- Reduction of the Taxable Estate with GRATs
- September 1, 2010
- Law Firm: Doyle Golde Grossman Family Law Group - Danville Office
A grantor trust is established by the grantor irrevocably transferring property to a trust during his or her lifetime while retaining an interest for a number of years with the remainder to the beneficiary. The remainder interest to the beneficiary is subject to gift tax and its value is ascertained per the tables provided by Internal Revenue Code Section 7520.
There are three types of grantor trusts. Grantor retained annuity trusts (GRATS), grantor retained uni trusts (GRUTS), and grantor retained income trusts (GRITS). This article focuses on the use of GRATS in conjunction with the use of tax-free gifts to reduce the taxable estate. A GRAT is an irrevocable trust created by the grantor for a specified time period. The grantor pays the gift tax on the value of the remainder interest when the trust is established. The assets are deposited into the trust and an annuity payment is made each year to the grantor. When the trust expires the beneficiary receives the remaining assets tax-free.
A wealthy individual or couple should first determine the amount of money they will require to comfortably support their lifestyle until their death. The assets that exceed this amount can be transferred during life to the later generations to avoid estate taxes upon their death. A wealthy individual can make annual exclusion gifts in the amount of $13,000.00 per recipient for the year 2009 and can gift up to $1,000,000.00 using his or her lifetime gift tax exclusion with no gift tax payment. A married couple can make annual gifts of $26,000.00 per recipient and gift up to $2,000,000.00 using their combined lifetime gift tax exclusions with no gift tax payment.
The benefit of these tax free gifts can be greatly increased by making the gifts to a grantor trust rather than directly to the individual. The income produced by the grantor trust will be taxable to the grantor while the assets of the grantor trust will not be included in the grantor’s gross estate. The grantor is responsible for paying the income tax on the income of the grantor trust so the payment of this tax is not included in the amount of the gift. By paying the income tax on the grantor trust income, the grantor further reduces the value of his or her estate. This allows the assets in the grantor trust to increase in value without the beneficiaries having to pay any tax on the income.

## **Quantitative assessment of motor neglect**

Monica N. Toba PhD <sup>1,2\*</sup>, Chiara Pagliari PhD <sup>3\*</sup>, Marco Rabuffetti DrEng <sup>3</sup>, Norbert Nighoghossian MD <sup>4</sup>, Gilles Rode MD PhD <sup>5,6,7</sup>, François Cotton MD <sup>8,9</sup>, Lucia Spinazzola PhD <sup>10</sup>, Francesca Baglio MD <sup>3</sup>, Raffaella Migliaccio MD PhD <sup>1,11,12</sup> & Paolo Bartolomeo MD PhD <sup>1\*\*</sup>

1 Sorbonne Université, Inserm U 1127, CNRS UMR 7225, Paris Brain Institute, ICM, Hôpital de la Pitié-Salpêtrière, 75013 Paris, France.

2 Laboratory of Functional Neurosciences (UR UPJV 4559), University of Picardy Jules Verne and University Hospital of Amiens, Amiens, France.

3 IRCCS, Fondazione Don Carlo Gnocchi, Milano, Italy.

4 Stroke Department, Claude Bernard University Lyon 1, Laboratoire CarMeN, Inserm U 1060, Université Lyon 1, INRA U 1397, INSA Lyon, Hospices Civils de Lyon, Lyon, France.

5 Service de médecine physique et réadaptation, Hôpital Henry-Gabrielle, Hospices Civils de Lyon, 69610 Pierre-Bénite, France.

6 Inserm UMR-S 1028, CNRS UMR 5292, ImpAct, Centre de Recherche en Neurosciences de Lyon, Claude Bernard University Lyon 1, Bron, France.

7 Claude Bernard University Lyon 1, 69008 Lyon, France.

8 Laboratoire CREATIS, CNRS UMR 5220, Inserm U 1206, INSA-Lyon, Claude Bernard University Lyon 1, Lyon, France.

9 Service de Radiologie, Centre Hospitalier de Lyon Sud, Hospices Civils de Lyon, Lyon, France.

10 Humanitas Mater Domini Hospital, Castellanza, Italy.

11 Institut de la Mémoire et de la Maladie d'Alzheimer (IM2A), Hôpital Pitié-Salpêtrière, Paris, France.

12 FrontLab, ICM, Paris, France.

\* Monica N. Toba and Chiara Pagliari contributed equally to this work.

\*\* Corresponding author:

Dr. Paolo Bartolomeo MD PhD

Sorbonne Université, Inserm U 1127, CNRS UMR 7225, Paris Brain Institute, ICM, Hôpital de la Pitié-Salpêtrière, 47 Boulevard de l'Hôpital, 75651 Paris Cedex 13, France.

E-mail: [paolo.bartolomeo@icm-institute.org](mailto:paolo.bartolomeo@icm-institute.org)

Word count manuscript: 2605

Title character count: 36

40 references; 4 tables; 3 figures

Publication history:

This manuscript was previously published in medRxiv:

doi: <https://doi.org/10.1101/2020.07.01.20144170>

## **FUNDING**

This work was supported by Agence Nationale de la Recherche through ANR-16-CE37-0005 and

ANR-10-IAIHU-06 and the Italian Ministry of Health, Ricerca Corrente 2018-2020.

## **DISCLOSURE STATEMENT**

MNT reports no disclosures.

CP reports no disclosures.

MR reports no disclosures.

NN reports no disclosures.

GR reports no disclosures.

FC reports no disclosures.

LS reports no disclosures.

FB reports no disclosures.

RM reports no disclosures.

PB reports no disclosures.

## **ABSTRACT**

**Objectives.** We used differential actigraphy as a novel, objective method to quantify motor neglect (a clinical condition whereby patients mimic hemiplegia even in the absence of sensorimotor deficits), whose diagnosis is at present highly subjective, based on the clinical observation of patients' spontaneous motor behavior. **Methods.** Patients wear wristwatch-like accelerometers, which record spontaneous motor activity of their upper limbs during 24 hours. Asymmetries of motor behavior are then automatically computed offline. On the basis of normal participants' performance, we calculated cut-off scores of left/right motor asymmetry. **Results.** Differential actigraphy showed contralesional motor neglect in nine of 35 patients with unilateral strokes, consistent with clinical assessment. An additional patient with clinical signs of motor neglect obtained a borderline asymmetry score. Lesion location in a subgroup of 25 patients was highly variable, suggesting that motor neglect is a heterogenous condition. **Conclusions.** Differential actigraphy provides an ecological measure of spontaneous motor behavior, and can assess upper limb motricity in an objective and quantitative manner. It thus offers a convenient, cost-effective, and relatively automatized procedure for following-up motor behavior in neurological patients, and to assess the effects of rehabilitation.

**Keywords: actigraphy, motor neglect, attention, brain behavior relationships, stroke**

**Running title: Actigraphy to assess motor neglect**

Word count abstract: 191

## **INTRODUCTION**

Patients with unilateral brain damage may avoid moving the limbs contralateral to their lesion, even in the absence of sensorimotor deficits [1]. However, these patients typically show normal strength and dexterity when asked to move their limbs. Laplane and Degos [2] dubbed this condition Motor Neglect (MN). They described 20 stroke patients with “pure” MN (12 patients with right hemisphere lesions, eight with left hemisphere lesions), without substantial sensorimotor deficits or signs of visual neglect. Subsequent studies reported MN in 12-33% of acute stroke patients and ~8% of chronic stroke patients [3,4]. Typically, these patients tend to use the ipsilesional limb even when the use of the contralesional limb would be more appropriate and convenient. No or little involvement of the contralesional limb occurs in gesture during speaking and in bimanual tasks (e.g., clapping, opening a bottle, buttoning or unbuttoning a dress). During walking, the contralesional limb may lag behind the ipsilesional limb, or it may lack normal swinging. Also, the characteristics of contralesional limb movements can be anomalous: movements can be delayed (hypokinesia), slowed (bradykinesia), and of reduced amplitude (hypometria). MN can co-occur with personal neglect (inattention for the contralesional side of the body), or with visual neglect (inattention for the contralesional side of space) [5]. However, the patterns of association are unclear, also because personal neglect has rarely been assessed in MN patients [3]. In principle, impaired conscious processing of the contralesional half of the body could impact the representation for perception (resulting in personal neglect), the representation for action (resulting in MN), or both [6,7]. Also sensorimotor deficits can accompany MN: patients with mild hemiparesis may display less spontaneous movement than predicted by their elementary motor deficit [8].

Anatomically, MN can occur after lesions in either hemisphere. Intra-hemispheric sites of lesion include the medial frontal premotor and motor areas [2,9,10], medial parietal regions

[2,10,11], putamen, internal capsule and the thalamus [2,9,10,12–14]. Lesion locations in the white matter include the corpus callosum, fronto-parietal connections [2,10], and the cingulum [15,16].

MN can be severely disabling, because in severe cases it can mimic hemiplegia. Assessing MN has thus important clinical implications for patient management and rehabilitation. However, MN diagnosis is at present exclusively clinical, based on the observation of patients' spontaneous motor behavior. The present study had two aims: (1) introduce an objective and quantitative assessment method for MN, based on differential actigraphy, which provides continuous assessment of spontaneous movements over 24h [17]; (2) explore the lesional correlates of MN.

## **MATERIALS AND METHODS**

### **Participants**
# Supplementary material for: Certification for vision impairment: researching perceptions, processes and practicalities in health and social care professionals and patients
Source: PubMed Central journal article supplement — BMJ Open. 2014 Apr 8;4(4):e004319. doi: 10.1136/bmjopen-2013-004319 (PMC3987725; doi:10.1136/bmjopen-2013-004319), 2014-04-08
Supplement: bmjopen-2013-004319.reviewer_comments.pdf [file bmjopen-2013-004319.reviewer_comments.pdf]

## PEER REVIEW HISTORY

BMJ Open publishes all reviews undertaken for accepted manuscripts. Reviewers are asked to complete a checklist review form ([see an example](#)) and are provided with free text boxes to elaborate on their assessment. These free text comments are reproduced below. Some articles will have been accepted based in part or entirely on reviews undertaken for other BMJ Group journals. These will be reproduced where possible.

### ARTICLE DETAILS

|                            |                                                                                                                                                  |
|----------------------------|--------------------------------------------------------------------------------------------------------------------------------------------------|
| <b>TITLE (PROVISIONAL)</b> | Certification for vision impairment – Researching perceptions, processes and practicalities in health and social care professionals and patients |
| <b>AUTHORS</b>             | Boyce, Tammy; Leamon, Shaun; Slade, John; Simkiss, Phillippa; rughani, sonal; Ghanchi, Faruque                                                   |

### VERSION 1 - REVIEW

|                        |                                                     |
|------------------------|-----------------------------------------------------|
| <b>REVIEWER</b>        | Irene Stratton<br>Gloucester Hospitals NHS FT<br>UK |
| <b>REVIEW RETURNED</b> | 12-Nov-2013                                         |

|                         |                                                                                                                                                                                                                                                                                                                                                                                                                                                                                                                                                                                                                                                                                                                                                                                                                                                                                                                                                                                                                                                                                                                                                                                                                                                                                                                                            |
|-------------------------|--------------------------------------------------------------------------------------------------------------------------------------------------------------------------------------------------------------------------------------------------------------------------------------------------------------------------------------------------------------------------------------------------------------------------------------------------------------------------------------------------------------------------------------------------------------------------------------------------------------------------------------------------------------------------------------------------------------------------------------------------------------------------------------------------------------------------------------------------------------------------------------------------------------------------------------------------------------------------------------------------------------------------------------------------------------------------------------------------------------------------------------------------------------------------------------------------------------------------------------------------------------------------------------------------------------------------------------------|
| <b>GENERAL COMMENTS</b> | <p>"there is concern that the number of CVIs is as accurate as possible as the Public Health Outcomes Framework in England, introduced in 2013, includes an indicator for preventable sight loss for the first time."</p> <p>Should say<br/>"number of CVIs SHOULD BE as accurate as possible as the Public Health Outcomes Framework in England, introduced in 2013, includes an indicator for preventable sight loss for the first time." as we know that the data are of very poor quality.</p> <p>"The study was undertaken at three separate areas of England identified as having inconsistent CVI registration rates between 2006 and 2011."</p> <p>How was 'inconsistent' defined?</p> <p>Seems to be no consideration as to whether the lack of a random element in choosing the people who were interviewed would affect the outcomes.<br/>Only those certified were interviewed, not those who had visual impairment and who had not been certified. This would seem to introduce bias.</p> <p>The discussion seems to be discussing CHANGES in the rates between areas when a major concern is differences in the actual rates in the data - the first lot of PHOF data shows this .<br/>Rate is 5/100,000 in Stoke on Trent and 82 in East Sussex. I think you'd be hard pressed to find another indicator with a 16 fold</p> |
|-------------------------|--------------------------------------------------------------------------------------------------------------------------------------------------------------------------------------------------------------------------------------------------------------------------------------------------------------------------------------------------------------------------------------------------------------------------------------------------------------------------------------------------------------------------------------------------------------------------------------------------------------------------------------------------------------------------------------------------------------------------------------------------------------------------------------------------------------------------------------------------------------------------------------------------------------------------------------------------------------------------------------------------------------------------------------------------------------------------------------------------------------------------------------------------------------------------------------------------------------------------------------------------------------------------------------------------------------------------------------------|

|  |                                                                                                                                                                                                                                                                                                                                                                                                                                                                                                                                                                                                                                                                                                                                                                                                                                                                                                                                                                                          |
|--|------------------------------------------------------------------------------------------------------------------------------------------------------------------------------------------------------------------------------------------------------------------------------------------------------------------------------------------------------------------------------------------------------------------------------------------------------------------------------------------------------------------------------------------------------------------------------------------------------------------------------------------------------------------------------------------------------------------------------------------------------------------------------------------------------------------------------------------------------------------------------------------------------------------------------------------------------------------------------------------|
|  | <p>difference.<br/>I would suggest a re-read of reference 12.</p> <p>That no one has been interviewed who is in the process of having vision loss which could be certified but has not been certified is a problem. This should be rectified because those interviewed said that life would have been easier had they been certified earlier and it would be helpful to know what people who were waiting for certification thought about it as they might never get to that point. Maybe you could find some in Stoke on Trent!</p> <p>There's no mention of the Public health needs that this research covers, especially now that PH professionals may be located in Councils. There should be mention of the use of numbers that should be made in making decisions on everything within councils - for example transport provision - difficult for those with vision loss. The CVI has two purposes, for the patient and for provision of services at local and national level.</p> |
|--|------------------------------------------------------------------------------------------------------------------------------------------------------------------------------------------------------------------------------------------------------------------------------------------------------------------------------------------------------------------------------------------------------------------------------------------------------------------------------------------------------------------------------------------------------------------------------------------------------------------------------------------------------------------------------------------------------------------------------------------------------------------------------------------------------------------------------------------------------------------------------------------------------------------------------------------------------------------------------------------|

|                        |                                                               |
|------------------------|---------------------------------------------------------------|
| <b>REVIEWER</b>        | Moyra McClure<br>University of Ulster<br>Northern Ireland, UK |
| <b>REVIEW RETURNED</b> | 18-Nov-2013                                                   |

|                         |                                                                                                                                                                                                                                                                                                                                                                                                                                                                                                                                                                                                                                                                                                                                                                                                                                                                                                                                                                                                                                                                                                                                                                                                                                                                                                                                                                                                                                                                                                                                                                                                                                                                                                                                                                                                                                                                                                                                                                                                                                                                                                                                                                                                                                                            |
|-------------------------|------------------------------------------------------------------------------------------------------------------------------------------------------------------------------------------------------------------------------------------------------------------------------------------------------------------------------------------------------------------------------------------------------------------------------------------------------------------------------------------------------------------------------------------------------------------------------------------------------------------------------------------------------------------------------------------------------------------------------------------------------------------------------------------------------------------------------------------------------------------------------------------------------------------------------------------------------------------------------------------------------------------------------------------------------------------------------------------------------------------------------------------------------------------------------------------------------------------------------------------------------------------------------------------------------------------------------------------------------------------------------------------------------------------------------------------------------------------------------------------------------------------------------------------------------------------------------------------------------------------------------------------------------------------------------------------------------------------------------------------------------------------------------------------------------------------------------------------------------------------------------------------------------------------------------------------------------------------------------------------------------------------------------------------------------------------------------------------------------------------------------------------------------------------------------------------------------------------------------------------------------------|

The $13,000.00 annual exclusion and $1,000,000.00 lifetime gift tax exclusion can allow the grantor to transfer a surprisingly large amount of money out of his or her estate through grantor trusts. By making the annual exclusion gift to a single grantor trust annually for twenty years, it is estimated that the grantor will transfer more than $400,000.00 in inflation adjusted dollars. A grantor will transfer an estimated $3,000,000.00 over twenty years by transferring the $1,000,000.00 lifetime gift tax exclusion to a grantor trust. These amounts can be greatly increased by creating separate grantor trusts for the grantor’s children and the children’s spouses, and for each grandchild. A dynasty trust for the grantor’s descendants can also be created to transfer additional wealth from the grantor’s estate.
The above strategy can be applied to reduce the taxable estate of moderately wealthy individuals but for extremely wealthy individuals another dimension may be added to increase the amount of wealth transferred from the grantor’s estate. The additional dimension is to use a series of rolling GRATS. A rolling GRAT works by the grantor applying the annuity he or she receives from a GRAT and using it to establish a new GRAT. The use of a rolling GRAT system maintains all the assets the grantor is attempting to transfer out of his or her estate in the GRAT transfer. The use of simply a single GRAT will result in the annuity payments paid out of the GRAT being brought back into the grantor’s estate. A system of short term rolling GRATS also protects against the chance of a good investment year being offset by a poor investment year because rolling GRATS are usually of short duration.
A system of rolling GRATS can transfer substantial assets from very wealthy estates and leave the grantors with the amount of capital they calculate necessary to live out the remainder of their lives at the lifestyle they choose. Rolling GRATS are of short duration, as short as two years, so they offer the grantor the ability to adjust the flow of assets out of his or her estate at a rate comfortable to the grantor even in volatile markets. The grantor can cease creating new GRATS and stop making annual gifts in order to reduce the flow of assets out of his or her estate.
A wealthy individual or couple can reduce their taxable estate by transferring assets during their lifetime to their beneficiaries using the annual gift tax exclusion and lifetime gift tax exclusion. This transfer process is made more effective by transferring the assets to GRATS rather than directly to the individual because this allows for the beneficiaries to receive the income of the transferred assets tax-free as the grantor is responsible for payment of the income tax. The system of rolling GRATS can be used to increase the scale of transfer resulting from the use of gifts combined with conventional GRATS where the amount of wealth to be transferred is substantial or must be accomplished in a short time period.